HMS Leven (1898)

HMS Leven (1898) was a C class destroyer that served with the Sixth Destroyer Flotilla at Dover during the First World War, and that sank UB-35 off Calais on 26 January 1918.

The Leven was one of only six destroyers ordered in the 1897-8 programme, and the only one ordered from Fairfield. She was a repeat of the early Gipsy, which had not yet reached 30 knots, but was expected to do so.  

While she was under construction she was visited by a party from the British Medical Association, during a wider trip to Fairfield’s Shipyard.

In 1899 the Leven took part in speed and fuel efficiency trials. She reached 30.201 knots at 6,210 ihp, consuming 2.095 pounds of coal per iHP per hour and 30.383 knots at 6,189 ihp. On a low speed run she reached 13.101 knots at 464ihp at 1.407 pounds of coal per iHP per hour. These results were later published in Brassey’s Naval Annual of 1900. These figures were only just over her target speed of 30 knots.

Pre War Career

At the end of February 1900 the Leven was commissioned into the Devonport Instructional Flotilla, in order to replace the Bat, which had suffered damage to her machinery.

In 1900-1905 the Leven was part of the Devonport Flotilla, one of three that contained all of the home based destroyers.

The Leven took part in the 1900 naval manoeuvres, when she formed part of the Devonport division of Fleet B, the defensive fleet. Fleet A was smaller, but was expecting reinforcements from the Mediterranean, suggesting that the potential enemy at this stage was France.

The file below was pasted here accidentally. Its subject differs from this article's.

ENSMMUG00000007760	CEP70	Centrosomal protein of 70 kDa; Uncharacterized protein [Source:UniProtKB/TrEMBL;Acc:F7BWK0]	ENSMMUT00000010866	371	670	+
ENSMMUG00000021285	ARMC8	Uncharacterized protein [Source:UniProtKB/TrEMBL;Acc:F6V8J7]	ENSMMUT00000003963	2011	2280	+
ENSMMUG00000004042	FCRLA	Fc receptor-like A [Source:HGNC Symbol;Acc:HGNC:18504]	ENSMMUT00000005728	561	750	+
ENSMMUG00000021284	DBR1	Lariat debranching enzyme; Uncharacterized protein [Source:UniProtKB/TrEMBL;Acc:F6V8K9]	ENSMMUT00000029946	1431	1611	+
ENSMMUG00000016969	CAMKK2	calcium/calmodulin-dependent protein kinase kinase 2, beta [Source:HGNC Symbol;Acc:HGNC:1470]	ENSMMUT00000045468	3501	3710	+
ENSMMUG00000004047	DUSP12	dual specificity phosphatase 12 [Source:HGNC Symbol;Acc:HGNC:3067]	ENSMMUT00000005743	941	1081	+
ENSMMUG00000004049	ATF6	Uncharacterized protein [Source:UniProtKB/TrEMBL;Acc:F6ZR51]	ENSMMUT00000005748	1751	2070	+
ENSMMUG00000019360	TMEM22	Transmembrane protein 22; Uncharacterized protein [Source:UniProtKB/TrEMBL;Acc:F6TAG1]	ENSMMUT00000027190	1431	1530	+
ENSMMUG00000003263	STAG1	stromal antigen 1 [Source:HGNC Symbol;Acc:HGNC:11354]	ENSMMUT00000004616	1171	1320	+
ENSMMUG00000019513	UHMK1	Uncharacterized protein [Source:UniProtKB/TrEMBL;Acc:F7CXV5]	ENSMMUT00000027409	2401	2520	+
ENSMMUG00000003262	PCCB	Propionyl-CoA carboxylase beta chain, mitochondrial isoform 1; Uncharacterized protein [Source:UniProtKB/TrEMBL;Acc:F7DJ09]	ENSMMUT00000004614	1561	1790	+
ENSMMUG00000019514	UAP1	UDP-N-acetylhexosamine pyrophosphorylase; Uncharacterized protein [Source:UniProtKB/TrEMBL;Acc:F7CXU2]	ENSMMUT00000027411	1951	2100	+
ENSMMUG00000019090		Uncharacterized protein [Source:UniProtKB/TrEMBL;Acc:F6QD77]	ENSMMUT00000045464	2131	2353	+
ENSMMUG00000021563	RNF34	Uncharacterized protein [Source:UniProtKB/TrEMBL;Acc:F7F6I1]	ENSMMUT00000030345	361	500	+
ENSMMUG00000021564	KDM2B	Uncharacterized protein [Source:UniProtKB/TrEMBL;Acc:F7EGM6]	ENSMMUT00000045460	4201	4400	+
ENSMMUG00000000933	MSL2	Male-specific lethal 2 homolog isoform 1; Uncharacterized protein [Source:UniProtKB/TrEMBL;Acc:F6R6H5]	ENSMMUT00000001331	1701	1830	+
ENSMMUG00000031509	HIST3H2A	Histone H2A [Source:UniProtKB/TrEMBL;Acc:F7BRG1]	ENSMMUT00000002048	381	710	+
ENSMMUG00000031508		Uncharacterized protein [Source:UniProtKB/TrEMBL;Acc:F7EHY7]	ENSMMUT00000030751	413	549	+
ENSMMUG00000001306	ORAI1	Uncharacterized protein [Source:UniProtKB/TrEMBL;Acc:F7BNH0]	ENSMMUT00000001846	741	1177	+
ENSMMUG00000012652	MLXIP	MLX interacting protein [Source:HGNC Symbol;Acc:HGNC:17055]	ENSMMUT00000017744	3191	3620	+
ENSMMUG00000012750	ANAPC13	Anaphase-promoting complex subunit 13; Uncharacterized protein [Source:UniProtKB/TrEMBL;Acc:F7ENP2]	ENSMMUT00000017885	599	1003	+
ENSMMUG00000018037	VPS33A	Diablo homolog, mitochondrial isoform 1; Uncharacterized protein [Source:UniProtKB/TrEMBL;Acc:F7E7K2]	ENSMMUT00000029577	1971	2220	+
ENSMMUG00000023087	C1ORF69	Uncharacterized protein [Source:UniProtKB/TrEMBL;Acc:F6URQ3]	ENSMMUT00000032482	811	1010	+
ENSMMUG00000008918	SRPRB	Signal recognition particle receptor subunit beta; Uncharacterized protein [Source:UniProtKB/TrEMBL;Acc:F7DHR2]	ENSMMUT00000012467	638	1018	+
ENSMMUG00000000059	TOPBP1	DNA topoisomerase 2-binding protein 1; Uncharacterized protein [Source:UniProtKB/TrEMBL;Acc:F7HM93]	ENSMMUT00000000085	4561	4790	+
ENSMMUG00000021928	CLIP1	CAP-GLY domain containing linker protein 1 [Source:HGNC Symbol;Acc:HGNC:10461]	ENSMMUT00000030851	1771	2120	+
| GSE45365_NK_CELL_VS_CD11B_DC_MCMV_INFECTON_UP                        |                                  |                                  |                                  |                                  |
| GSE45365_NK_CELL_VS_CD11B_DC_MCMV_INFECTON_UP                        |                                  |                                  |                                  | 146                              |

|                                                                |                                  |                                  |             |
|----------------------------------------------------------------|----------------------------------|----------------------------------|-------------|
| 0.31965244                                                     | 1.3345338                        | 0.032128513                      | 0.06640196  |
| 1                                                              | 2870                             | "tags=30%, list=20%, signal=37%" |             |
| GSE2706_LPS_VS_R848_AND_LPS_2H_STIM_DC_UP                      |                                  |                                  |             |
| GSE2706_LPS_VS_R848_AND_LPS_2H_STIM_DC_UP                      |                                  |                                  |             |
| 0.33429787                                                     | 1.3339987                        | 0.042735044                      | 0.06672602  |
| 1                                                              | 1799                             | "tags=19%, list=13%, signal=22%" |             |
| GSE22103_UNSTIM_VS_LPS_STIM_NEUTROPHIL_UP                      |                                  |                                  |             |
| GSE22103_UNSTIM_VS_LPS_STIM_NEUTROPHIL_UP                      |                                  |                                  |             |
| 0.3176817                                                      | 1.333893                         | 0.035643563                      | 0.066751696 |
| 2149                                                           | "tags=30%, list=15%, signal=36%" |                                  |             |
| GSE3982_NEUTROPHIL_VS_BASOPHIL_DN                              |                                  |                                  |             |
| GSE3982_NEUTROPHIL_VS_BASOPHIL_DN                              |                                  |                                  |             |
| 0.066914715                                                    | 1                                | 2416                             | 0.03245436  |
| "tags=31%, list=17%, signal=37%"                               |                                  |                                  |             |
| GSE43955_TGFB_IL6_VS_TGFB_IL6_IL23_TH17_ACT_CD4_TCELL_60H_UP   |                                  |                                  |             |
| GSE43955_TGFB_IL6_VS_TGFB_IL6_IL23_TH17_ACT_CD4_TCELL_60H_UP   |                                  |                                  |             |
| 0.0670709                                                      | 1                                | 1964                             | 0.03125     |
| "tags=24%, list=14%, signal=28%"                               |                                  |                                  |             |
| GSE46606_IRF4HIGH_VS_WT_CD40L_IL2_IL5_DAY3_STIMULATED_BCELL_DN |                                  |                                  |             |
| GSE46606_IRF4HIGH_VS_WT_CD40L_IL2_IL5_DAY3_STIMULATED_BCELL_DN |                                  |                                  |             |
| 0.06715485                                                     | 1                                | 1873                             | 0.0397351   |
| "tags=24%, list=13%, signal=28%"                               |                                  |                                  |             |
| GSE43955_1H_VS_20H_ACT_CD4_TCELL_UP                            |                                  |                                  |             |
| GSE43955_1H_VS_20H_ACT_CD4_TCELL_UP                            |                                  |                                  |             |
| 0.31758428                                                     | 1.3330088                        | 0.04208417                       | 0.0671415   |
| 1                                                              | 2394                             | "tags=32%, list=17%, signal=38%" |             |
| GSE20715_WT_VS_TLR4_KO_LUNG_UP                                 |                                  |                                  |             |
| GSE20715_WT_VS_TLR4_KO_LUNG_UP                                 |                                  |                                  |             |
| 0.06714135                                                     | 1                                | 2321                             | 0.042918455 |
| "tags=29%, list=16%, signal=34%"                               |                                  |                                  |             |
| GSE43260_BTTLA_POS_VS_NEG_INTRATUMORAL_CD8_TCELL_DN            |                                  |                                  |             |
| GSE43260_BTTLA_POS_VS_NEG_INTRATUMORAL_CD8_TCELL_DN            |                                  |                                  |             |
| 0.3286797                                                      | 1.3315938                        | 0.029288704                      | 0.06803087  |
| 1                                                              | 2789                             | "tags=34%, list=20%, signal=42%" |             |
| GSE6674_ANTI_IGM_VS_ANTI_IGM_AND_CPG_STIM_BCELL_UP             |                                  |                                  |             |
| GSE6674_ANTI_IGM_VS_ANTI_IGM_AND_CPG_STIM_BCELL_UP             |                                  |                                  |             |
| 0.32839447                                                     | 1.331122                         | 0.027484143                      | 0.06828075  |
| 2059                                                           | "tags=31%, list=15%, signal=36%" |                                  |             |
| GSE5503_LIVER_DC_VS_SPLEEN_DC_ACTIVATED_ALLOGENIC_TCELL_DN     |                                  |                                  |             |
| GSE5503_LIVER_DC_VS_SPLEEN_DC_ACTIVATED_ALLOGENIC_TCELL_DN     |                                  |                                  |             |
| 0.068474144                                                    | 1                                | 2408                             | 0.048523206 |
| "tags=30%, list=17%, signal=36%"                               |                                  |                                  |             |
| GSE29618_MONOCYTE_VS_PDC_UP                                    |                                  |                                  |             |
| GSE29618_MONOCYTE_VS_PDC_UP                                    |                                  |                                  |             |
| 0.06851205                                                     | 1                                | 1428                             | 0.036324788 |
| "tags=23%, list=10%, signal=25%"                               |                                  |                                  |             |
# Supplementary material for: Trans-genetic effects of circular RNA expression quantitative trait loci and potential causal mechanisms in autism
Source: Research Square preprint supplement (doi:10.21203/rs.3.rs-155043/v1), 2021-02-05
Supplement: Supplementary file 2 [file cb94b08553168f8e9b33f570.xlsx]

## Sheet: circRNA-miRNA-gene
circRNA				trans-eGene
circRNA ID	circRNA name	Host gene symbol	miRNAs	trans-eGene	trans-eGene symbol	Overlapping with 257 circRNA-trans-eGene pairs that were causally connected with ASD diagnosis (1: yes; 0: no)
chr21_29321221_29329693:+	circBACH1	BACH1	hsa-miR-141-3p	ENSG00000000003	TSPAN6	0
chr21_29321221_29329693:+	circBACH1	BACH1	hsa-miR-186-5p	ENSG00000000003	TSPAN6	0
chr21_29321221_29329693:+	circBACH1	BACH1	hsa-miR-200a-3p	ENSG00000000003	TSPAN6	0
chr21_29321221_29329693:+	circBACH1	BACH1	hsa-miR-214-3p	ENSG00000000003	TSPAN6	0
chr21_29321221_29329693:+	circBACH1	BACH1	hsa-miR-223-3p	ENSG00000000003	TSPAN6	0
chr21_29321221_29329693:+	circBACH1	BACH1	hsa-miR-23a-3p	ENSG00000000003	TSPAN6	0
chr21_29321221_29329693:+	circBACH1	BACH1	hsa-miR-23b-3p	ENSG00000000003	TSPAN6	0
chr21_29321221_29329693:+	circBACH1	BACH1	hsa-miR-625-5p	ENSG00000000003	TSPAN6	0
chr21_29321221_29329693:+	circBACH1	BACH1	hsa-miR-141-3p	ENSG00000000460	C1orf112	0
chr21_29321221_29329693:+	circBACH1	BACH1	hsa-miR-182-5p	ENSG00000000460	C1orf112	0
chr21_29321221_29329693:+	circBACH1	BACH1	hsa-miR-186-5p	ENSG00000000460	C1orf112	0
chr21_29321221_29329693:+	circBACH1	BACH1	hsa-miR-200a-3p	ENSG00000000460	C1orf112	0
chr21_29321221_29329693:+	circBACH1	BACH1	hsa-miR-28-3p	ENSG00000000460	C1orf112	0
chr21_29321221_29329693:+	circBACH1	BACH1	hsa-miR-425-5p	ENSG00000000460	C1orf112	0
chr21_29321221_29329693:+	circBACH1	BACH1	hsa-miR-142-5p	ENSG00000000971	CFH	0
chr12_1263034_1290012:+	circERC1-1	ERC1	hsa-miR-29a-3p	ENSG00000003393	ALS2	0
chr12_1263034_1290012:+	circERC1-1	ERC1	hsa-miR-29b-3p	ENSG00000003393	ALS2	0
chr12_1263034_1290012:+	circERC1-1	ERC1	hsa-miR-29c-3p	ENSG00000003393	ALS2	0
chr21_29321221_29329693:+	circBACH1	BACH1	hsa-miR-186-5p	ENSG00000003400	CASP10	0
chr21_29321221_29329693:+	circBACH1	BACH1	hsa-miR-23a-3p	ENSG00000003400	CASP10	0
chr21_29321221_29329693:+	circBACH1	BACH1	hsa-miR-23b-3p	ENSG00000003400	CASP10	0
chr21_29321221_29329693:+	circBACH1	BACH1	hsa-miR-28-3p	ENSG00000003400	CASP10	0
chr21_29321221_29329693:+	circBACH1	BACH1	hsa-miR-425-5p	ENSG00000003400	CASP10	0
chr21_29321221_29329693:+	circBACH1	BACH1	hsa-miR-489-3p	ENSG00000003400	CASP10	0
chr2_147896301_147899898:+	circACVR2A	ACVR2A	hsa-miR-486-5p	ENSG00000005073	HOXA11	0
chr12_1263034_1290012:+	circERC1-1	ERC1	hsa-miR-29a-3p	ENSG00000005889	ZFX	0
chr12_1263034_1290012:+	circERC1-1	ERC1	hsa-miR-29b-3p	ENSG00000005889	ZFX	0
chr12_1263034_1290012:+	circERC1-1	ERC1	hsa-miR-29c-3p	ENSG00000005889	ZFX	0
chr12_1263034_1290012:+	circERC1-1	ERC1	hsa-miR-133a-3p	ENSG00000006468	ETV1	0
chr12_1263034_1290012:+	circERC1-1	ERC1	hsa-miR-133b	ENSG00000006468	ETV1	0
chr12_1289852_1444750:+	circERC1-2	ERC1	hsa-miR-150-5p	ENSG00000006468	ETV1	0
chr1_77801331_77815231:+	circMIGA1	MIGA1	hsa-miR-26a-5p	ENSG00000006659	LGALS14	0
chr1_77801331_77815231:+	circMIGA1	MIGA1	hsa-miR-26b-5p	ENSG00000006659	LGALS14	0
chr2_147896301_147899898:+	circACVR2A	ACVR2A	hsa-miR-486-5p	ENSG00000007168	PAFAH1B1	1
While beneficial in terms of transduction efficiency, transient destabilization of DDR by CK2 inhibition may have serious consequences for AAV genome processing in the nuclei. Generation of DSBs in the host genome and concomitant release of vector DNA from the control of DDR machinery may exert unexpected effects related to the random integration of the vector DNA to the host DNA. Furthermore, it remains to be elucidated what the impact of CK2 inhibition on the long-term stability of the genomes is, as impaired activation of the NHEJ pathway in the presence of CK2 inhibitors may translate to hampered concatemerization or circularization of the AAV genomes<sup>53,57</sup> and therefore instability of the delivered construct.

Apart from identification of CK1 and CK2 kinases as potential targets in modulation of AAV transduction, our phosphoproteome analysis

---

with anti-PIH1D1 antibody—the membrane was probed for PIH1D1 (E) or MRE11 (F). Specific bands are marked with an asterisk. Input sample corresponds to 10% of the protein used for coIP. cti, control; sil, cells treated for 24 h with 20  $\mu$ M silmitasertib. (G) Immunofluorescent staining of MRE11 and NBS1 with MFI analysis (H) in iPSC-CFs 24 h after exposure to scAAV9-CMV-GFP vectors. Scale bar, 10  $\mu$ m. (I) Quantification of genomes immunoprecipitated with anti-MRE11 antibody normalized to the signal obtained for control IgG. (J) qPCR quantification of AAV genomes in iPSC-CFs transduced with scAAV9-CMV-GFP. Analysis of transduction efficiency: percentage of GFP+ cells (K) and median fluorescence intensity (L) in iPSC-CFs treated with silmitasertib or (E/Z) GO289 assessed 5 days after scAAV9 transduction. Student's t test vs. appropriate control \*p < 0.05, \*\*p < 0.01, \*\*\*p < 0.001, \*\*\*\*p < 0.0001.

In April 1901 she was one of eight destroyers from the Devonport command that paid a visit to Manchester, travelling to the city up the Ship Canal. As would be expected, there was a great deal of public interest in the visit, and crowds came to watch the ships as they moved up the canal, and as they were moored in Manchester. The Leven was the ship of Commander Lloyd, commander of the flotilla.

In May 1901 she was one of three destroyers that visited Douglas, on their way from the Clyde to Kingstown, Ireland.

The Leven took part in the 1901 naval manoeuvres, which began in late July. These involved two fleets – Fleet B began in the North Sea, and had the task of keeping the English Channel open to trade. Fleet X began off the north coast of Ireland, and had the task of stopping trade in the Channel. The Leven was part of a force of destroyers from Devonport that joined Fleet X. This was the first time both sides in the annual exercises had been given an equal force of destroyers. The exercises ended with a victory for Fleet X. The destroyer forces didn’t live up to expectations, either in torpedo attack or as scouts.

At the end of January 1902 she had to be placed into quarantine due to an outbreak of measles on board.

On 3 November 1903 two of her crew suffered serious injuries during a steam trial. Stoker Patrick Ward got his head trapped in the reversing gear and suffered to large wounds to his scalp. Stocker Richard A. Davey got his left hand caught in the link gear and lost his middle finger. Both men had to be transferred to HMS Impregnable to receive medical attention.